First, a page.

Testing the sport drug control model of factors influencing performance-enhancing substance use

Geoffrey Jalleh

Research output: ThesisDoctoral Thesis

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[Truncated abstract] This study empirically examines the Sport Drug Control model (Donovan et al. 2002) via survey data of a large sample of elite Australian athletes. The model consists of six components believed to predict an athlete’s attitude (and intentions) towards performance-enhancing substances use: (1) threat appraisal; (2) benefit appraisal; (3) personal morality; (4) legitimacy; (5) personality; and (6) reference group opinion. In addition, two 'market' factors, the affordability and availability of drugs, believed to facilitate or inhibit the translation of attitudes and intentions into behaviour are included in the model. To date the sports literature shows no systematic national or international single source research covering the views of athletes on the comprehensive list of factors in the Sport Drug Control model. A cross-sectional nationwide mail survey of 1,237 elite Australian athletes was conducted. Prior to the mail-out, the survey instrument measuring all of the constructs in the Sport Drug Control model was pre-tested among athletes in focus group discussions and a small scale survey. A structural equation modelling approach was employed to test the Sport Drug Control model. The findings provided empirical validation of the theoretical model; the test model accounted for 81% of the variance in attitude towards performance-enhancing substances use and 13% of the variance in doping behaviour.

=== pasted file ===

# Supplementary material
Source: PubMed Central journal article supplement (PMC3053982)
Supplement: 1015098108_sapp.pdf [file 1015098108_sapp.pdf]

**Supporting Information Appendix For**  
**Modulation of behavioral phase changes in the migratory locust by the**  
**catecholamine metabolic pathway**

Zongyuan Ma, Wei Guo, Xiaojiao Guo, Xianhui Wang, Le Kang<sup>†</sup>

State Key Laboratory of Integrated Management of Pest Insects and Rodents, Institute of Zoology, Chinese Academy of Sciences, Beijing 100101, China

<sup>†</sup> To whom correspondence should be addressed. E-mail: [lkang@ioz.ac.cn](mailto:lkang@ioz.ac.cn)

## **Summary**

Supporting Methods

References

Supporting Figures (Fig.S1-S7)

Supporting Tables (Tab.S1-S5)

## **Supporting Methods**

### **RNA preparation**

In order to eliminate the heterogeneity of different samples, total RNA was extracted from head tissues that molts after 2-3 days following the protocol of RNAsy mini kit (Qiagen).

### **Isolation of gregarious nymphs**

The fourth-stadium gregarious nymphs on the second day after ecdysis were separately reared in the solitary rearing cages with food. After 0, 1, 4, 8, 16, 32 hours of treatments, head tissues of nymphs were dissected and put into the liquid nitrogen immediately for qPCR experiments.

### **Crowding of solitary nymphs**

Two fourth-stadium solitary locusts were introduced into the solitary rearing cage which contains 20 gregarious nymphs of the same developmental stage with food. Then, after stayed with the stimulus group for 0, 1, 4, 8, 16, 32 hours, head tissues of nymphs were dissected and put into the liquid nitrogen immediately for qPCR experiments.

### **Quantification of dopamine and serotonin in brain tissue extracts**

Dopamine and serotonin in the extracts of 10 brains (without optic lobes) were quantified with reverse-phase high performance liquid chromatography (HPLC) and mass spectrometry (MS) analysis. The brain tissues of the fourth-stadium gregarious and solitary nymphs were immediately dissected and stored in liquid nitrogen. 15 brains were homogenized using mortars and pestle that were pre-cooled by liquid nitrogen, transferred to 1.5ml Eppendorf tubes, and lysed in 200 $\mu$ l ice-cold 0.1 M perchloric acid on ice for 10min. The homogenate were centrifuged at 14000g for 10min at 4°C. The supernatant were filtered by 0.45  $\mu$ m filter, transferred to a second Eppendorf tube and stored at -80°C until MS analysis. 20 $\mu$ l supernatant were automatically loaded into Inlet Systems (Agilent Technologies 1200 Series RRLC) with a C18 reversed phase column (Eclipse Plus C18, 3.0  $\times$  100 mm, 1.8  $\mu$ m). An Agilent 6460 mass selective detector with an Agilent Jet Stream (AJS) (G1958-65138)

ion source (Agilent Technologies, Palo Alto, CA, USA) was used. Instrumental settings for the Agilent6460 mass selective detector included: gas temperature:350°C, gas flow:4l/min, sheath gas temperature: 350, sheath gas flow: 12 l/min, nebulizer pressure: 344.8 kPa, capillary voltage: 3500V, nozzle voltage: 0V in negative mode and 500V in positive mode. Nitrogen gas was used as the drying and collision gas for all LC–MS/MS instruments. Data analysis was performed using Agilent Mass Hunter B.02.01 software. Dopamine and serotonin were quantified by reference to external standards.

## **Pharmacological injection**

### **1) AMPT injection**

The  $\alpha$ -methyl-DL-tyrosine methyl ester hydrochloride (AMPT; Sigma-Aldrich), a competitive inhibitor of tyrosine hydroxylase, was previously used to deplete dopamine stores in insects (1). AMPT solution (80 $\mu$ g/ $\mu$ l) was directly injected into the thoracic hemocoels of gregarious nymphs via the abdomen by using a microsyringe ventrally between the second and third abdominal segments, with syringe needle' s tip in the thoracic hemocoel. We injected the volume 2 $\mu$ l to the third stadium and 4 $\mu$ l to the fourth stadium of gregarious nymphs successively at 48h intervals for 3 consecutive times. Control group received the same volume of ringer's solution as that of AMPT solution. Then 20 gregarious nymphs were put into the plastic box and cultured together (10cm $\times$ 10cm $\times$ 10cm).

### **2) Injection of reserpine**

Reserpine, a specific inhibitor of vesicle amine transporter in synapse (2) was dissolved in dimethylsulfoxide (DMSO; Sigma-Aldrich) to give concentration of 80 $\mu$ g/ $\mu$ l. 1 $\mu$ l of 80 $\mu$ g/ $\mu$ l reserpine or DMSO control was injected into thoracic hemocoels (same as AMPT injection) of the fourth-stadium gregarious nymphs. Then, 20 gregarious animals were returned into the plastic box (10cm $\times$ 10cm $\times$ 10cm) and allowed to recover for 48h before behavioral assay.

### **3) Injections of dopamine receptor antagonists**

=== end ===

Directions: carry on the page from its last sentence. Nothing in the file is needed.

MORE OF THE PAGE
Original languageEnglish
QualificationDoctor of Philosophy
Publication statusUnpublished - 2013


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